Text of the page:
“Speak kindly” of other nations as war dead are remembered, says priest

Left to right: Robert Stokes with daughter Carenza to his left, Robin Minnitt with daughter, Karen, and Geoff Keeble, prepare to lay wreaths in St Oswald's Church, Askrigg.

By Betsy Everett

Bells tolled for the dead of two world wars at the Service of Remembrance in Askrigg today as the 200-strong congregation in St Oswald’s Church was urged to “speak kindly about the people of other nations, and other ethnic groups at home.”

There may be nothing we could do to stop the wars in Syria or Yemen, said the Revd Vera Sinton, and we all had our “fears and prejudices,” but she had a warning about where these could lead.

“It is very easy to let off steam by turning those fears into stories that breed disrespect and hatred. That is what Hitler did with horrific effect,” she said. “If we admit our fears and prejudices to God we can ask God to replace them with compassion, understanding and love.”
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She reminded people of the two meanings of ‘peace’. One, the Roman ‘Pax,’ was “the absence of war based on physical force, coercion, deterrence and negotiating skill.”

“On Remembrance Day we come to honour and support the armed forces that have been given the job of Pax, defending and securing our country from attack and of helping our allies maintain peace and justice throughout the world. We remember and give thanks for the courage with which they risk their lives and we express our sadness at the price they paid,” she said.

But the other meaning was the Hebrew word ‘Shalom,’ which was “the complete well-being of body, mind and spirit,” and the service of remembrance was also intended “to keep alive a vision of Shalom. To remember that every human being is loved by God and worthy of our respect and care.”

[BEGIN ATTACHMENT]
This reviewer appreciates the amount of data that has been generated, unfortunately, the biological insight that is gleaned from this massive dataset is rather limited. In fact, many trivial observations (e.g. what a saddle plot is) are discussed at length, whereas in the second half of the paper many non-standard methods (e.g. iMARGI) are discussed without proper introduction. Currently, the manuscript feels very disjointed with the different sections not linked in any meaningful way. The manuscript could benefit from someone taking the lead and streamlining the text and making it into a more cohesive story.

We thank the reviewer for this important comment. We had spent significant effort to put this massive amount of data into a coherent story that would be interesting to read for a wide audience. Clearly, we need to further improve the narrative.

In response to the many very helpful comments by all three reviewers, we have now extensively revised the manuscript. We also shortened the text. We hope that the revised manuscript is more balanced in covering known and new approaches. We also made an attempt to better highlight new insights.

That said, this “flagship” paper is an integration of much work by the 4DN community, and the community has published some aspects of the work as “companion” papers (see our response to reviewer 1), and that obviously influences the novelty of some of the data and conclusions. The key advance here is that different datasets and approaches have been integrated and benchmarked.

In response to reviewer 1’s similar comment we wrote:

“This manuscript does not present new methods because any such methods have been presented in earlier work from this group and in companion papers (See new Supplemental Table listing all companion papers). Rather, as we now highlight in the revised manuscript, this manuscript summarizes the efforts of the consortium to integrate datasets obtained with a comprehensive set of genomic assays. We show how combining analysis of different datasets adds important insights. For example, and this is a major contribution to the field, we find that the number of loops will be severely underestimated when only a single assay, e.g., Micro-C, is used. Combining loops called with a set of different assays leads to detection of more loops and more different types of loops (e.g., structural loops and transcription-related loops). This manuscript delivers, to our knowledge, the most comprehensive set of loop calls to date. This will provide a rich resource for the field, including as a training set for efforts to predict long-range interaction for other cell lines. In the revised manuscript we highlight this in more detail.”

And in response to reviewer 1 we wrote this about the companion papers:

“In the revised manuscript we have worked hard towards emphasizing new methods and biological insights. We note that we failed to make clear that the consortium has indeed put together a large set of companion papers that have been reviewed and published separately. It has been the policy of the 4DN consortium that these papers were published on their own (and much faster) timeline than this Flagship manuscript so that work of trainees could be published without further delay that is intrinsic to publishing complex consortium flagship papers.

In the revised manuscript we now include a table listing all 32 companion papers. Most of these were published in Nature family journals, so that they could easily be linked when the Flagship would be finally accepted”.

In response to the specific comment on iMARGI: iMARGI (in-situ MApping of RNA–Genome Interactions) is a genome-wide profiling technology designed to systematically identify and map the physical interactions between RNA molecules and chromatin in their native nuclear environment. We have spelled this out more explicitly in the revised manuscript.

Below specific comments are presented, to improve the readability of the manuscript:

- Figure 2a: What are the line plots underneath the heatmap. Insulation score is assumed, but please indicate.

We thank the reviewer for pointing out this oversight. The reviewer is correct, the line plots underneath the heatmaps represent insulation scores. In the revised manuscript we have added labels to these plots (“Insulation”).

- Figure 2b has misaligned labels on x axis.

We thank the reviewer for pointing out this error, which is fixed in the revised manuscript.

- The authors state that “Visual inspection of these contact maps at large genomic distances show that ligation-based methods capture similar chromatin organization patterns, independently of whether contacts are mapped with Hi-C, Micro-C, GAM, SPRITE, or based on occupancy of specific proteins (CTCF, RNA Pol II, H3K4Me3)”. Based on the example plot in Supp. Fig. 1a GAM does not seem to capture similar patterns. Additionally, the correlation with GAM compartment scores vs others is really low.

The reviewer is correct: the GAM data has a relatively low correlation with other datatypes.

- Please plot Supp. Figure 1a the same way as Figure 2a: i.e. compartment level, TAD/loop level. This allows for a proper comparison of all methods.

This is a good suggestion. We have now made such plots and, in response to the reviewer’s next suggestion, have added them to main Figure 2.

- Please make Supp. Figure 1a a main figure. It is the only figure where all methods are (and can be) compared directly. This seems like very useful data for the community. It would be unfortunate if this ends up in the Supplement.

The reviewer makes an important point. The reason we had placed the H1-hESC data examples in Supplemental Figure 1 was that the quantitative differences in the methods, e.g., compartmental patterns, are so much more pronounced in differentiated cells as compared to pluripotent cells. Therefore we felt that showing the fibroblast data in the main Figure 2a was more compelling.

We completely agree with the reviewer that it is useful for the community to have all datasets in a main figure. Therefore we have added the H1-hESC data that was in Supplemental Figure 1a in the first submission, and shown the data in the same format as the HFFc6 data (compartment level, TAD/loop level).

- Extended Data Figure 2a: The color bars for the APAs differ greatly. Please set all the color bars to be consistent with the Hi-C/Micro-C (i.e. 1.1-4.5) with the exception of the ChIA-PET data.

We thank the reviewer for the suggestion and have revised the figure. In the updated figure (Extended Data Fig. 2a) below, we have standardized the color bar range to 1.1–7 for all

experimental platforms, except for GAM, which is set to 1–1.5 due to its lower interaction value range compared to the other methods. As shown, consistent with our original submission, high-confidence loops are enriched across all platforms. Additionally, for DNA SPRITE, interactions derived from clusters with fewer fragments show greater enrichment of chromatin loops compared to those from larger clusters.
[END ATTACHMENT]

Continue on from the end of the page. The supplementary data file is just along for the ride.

Representatives of three generations laid wreaths at the war memorial in St Oswald’s recalling different conflicts. Robin Minnitt of Askrigg served in the Second World War, Geoff Keeble of Bainbridge served 25 years in the Royal Navy and fought in the Falklands, and Rob Stokes of Castle Bolton served in Northern Ireland, Iraq and Afghanistan during his 22 years’ army service.

The names of those locally who died in the two world wards were read out. First World War, William Appleton, William Banks, James Chapman, Frank Dinsdale, John Horn, James Kirkbride, Bernard Lodge, John Metcalfe, Robert Metcalfe, John Mitton, Robert Mudd, Thomas Miller, James Preston, William Webster. Second World War, Sidney Kirkbride, Walter Brown, George Cockburn, Ernest Stevens, Jack Hindle, David Shorter.

Veterans Robin Minnitt and Norman Fletcher met in India during the Second World War. and were reunited when Norman moved to Bainbridge four years ago.


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